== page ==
Kawasaki's theorem is a theorem in the mathematics of paper folding, named after Toshikazu Kawasaki, that gives a criterion for determining whether a crease pattern with a single vertex may be folded to form a flat figure.
Statement of the theorem
Maekawa's theorem states that the number of mountain folds in a flat-folded vertex figure differs from the number of valley folds by exactly two folds. From this it follows that the total number of folds must be even. Therefore, suppose that a crease pattern consists of an even number 2n of creases radiating from a single vertex v, without specification of which creases should be mountain folds and which should be valley folds. In this crease pattern, let α1, α2, ⋯, α2n be the consecutive angles between the creases around v, in clockwise order, starting at any one of the angles. Then Kawasaki's theorem is the statement that the crease pattern may be folded flat if and only if the alternating sum and difference of the angles adds to zero:
- α1 − α2 + α3 − ⋯ + α2n − 1 − α2n = 0
An equivalent way of stating the same condition is that, if the angles are partitioned into two alternating subsets, then the sum of the angles in either of the two subsets is exactly 180 degrees. However, this equivalent form applies only to a crease pattern on a flat piece of paper, whereas the alternating sum form of the condition remains valid for crease patterns on conical sheets of paper with nonzero defect at the vertex.
Local and global flat-foldability
Kawasaki's theorem, applied to each of the vertices of an arbitrary crease pattern, determines whether the crease pattern is locally flat-foldable, meaning that the part of the crease pattern near the vertex can be flat-folded. However, there exist crease patterns that are locally flat-foldable but that have no global flat folding that works for the whole crease pattern at once. Tom Hull (1994) conjectured that global flat-foldability could be tested by checking Kawasaki's theorem at each vertex of a crease pattern, and then also testing bipartiteness of an undirected graph associated with the crease pattern, but this conjecture was disproven by Bern & Hayes (1996), who showed that the problem of testing global flat-foldability is NP-complete.
To show that Kawaski's condition necessarily holds for any flat-folded figure, it suffices to observe that, at each fold, the orientation of the paper is reversed. Thus, if the first crease in the flat-folded figure is placed in the plane parallel to the x-axis, the next crease must be rotated from it by an angle of α1, the crease after that by an angle of α1 − α2 (because the second angle has the reverse orientation from the first), etc. In order for the paper to meet back up with itself at the final angle, Kawasaki's condition must be met.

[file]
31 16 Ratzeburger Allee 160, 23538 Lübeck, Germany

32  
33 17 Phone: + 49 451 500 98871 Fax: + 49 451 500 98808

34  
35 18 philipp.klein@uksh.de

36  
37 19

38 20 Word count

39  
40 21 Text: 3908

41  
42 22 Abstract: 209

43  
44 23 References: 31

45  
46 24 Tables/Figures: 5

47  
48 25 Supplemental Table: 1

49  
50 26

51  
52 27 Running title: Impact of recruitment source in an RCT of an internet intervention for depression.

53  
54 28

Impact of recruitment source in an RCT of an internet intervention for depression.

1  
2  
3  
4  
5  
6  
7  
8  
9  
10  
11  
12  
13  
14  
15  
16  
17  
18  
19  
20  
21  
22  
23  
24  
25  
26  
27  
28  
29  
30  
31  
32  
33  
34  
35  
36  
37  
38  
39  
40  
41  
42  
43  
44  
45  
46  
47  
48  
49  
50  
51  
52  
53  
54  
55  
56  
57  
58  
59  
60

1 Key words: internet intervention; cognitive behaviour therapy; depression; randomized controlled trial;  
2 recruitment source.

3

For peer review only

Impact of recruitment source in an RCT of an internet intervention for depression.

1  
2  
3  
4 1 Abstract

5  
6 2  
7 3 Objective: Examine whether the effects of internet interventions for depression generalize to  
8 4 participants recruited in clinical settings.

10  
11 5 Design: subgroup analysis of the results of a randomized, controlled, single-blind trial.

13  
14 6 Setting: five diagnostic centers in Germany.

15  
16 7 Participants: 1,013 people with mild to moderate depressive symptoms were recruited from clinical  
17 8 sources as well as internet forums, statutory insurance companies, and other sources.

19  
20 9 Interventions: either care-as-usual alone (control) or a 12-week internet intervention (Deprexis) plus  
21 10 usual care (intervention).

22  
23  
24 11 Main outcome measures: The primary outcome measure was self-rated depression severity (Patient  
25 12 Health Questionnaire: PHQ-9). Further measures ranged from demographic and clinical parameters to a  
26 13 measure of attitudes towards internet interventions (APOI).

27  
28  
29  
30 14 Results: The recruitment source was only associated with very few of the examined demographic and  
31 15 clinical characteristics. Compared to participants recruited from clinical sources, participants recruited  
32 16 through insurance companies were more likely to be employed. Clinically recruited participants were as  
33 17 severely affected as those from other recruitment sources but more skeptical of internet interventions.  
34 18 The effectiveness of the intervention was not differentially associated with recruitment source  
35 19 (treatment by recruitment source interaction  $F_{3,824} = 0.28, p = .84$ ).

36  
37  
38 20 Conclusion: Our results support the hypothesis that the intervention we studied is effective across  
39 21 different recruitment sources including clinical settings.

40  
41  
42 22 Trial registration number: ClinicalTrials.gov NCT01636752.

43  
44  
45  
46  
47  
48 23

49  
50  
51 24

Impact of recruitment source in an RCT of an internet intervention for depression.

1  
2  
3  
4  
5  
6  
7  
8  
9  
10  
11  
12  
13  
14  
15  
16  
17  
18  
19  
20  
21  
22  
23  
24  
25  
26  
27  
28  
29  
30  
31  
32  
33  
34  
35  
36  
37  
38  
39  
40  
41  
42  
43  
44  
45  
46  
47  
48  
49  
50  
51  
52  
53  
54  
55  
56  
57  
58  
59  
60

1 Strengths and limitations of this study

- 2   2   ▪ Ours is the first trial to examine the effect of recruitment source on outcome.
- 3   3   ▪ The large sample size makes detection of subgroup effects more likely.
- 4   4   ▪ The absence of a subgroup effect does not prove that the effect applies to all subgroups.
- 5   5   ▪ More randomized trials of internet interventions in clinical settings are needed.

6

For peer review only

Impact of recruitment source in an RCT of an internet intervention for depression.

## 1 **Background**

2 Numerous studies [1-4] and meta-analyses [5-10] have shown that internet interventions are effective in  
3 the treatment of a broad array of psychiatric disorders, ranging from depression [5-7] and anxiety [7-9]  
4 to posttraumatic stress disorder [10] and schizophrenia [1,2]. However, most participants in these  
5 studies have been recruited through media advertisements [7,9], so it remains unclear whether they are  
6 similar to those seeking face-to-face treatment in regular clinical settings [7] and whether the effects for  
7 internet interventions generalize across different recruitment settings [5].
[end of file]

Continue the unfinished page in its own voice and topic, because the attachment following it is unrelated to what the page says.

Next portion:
Showing that the condition is also a sufficient condition is a matter of describing how to fold a given crease pattern (that is, how to choose whether to make mountain or valley folds, and in what order the flaps of paper should be arranged on top of each other) so that it folds flat. One way to do this is to choose a number i such that the partial alternating sum
- α1 − α2 + α3 − ⋯ + α2i − 1 − α2i
is as small as possible: either i = 0 and the partial sum is an empty sum that is also zero, or for some nonzero choice of i the partial sum is negative. Then, accordion fold the pattern, starting with angle α2i + 1 and alternating between mountain and valley folds, placing each angular wedge of the paper below the previous folds. At each step until the final fold, an accordion fold of this type will never self-intersect, and the choice of i ensures that the first wedge sticks out to the left of all the other folded pieces of paper, allowing the final wedge to connect back up to it.
An alternative proof of sufficiency is to consider the smallest angle αi and the two creases on either side of it. If one of these two creases is mountain-folded and the other valley-folded, and then the resulting flap of paper is glued down onto the remaining part of the crease pattern, the result will be a crease pattern with two fewer creases, on a conical sheet of paper, that still satisfies Kawasaki's condition. Therefore, by mathematical induction, repeating this process will eventually lead to a flat folding. The base case of the induction is a cone with only two creases and two equal-angle wedges, which can obviously be flat-folded by using a mountain fold for both creases. Using this method, it can be shown that any crease pattern that satisfies Kawasaki's condition has at least 2n different choices of mountain and valley folds that all lead to valid flat foldings.
In the late 1970s, Yasuji Husimi and David A. Huffman independently discovered the special case of Kawasaki's theorem for crease patterns with four creases; Huffman called it the "critical π condition". The theorem for crease patterns with arbitrarily many creases was discovered by Kawasaki, by Stuart Robertson, and by Jacques Justin (again, independently of each other) in the late 1970s and early 1980s. Because of Justin's contribution to the problem, it has also been called the Kawasaki–Justin theorem.
Kawasaki himself has called the result Husimi's theorem, after Yasuji Husimi, and some other authors have followed this terminology as well. The name "Kawasaki's theorem" was first given to this result in Origami for the Connoisseur by Kunihiko Kasahara and Toshie Takahama (Japan Publications, 1987).
Hull (2003) credits the lower bound of 2n on the number of different flat-foldings of a crease pattern meeting the conditions of the theorem to independent work in the early 1990s by Azuma, Justin, and Ewins and Hull.
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